Obese Cadavers Are Not Your Friends
- Posted on: Feb 11 2012
It may make some squeamish to talk about, but it’s a topic that any US doctor can speak about. There’s an interesting article on MSNBC.com in their health section where they discuss how medical schools often turn down obese cadavers because of the inability to effectively use them to learn.
I’ve worked on cadavers since I was in college. Human anatomy was my major. Even then students would fight over who got the muscular or lean cadavers.
Fat is yellow. It’s greasy. It obscures normal anatomy. When you’re trying to learn the anatomy of a nerve that is the size of a human hair yet controls your facial movement, it’s very frustrating to try to tease it out of a material that acts like congealed cottage cheese. It’s so much easier to learn natural anatomy without feeling like it’s a battle to visualize it through tissue that doesn’t need to be there. It’s difficult enough to learn in an ideal setting.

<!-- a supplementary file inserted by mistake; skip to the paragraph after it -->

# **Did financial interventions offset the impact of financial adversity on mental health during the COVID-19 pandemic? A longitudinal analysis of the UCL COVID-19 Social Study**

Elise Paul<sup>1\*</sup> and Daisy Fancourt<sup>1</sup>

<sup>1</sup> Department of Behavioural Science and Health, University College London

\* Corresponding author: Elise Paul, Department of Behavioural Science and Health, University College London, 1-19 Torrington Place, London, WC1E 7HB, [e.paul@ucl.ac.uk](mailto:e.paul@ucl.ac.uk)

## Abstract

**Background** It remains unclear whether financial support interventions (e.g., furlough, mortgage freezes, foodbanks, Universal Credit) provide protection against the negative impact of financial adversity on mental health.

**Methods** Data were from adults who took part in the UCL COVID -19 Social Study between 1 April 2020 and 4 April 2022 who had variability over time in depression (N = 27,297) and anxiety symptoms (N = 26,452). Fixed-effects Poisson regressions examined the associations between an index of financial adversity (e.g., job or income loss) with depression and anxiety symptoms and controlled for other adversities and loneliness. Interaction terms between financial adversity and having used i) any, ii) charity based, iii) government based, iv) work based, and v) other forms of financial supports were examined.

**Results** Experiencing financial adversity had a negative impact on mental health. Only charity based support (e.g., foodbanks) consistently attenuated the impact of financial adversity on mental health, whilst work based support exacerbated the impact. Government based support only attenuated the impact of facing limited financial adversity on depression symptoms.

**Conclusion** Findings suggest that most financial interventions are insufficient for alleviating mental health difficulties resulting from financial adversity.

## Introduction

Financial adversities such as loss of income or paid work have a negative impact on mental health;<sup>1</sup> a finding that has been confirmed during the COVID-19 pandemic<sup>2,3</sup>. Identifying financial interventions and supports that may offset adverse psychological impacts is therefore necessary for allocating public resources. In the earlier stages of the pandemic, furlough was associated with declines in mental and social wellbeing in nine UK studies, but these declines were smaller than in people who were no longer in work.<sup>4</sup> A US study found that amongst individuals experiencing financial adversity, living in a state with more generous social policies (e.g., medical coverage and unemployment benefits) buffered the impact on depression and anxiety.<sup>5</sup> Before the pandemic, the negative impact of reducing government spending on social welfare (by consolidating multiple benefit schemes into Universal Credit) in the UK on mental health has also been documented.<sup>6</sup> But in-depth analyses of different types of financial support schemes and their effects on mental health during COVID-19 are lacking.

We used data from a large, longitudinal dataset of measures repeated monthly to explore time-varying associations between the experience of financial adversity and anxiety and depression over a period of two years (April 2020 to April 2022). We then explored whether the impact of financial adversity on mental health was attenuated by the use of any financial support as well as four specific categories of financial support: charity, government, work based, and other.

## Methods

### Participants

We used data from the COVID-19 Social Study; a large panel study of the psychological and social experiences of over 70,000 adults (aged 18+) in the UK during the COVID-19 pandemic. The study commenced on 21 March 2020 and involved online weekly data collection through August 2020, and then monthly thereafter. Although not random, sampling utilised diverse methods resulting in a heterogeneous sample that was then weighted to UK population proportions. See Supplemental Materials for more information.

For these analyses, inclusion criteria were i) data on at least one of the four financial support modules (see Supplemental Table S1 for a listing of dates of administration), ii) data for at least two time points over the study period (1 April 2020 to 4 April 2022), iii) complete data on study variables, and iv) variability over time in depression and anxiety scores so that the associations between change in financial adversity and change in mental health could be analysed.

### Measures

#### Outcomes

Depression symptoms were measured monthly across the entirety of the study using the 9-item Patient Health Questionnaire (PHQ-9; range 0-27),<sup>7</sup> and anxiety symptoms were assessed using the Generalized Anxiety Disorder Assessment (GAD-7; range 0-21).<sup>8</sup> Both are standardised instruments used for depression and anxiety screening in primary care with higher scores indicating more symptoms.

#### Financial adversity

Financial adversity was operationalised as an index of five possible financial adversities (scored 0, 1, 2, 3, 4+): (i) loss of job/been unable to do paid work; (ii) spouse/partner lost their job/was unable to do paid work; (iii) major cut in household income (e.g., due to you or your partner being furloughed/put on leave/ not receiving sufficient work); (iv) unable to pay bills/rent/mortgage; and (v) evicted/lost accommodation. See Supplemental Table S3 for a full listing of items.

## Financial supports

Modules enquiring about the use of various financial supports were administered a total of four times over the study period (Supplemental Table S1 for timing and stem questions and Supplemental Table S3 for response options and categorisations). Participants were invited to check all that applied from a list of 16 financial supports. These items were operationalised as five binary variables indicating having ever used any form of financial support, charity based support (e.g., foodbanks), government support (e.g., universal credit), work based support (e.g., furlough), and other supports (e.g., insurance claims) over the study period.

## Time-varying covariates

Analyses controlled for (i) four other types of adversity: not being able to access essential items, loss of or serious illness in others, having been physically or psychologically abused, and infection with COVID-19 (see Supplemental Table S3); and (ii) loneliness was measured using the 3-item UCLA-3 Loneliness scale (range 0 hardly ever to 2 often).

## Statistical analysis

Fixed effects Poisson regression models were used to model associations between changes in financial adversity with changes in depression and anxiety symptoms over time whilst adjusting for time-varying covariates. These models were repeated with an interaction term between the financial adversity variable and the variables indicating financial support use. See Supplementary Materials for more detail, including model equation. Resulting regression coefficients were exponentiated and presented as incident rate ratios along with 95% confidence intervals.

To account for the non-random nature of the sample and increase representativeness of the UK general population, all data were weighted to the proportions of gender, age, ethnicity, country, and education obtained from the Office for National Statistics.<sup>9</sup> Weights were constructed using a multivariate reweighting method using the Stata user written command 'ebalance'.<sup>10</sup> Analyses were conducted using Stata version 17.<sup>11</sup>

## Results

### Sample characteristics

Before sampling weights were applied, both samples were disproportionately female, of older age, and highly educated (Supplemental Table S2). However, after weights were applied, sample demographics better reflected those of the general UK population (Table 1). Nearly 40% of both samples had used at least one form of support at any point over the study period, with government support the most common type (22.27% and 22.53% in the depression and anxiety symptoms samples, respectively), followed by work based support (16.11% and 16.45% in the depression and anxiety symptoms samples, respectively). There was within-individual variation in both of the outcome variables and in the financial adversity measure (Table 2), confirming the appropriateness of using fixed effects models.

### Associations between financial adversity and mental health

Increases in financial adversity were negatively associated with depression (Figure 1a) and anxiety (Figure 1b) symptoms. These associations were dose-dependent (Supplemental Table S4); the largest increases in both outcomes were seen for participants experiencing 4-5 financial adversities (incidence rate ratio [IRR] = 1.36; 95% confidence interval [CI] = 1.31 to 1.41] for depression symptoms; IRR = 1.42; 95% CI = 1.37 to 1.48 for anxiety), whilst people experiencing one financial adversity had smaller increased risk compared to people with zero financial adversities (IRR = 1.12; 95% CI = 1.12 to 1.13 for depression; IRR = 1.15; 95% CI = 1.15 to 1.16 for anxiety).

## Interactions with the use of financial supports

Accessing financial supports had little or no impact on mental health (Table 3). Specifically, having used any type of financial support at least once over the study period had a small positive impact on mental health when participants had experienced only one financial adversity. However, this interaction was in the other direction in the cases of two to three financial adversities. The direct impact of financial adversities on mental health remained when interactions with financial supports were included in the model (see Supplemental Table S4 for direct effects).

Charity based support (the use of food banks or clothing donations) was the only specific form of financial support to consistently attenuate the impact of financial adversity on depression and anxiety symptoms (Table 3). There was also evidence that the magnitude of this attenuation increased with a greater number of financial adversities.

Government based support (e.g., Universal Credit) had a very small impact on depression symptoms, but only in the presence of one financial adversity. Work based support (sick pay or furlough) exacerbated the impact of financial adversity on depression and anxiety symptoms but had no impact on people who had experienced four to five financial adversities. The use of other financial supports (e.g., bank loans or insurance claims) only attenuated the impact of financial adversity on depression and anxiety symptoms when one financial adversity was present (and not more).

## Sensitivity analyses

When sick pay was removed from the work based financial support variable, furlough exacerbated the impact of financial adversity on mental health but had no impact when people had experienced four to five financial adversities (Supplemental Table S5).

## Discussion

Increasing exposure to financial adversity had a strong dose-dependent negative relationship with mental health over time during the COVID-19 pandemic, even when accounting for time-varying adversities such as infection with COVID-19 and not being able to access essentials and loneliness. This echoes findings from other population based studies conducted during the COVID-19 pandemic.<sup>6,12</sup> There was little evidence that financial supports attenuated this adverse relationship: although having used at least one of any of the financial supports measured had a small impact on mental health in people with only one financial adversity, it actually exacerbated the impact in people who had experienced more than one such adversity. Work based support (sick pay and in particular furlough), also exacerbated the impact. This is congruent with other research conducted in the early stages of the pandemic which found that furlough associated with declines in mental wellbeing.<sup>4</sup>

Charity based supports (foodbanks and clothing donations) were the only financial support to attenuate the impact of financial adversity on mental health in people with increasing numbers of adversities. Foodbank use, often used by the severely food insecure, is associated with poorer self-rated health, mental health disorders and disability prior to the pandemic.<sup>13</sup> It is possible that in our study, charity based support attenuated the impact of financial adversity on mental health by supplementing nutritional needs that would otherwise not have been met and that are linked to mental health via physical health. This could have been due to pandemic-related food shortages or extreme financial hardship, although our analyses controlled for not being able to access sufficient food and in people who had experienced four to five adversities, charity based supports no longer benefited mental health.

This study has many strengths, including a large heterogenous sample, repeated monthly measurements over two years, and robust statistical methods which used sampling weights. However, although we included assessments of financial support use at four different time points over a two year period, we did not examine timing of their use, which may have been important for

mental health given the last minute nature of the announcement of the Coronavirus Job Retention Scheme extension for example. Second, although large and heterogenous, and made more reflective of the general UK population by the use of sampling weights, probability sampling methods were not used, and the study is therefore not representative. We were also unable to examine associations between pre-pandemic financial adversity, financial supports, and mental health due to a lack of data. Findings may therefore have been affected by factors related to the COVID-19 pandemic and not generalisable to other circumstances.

The grease gets on your gloves, your books, your pens, and even your clothes. The more fat, the more embalming fluid. The more the embalming fluid, the more the smell. That smell permeates everything: clothes, hair, skin. My wife would have me shower after spending more than an hour in the anatomy lab because she could smell it.
Not only is there fat under the skin masking muscles, nerves, arteries, tendons, and ligaments, it builds up in and around organs. It changes the shape and appearance of the heart, the liver, and the colon among others. In otolaryngology, it has a significant effect on the neck anatomy.
While all of this may be a bit uncomfortable to consider, it does have ramifications worth considering. Obesity has implications in life as well as in death.
I’ll probably think about that a bit more now myself before I think about eating that extra piece of pizza or slice that brownie larger than I probably should.
–Richard D. Thrasher III, MD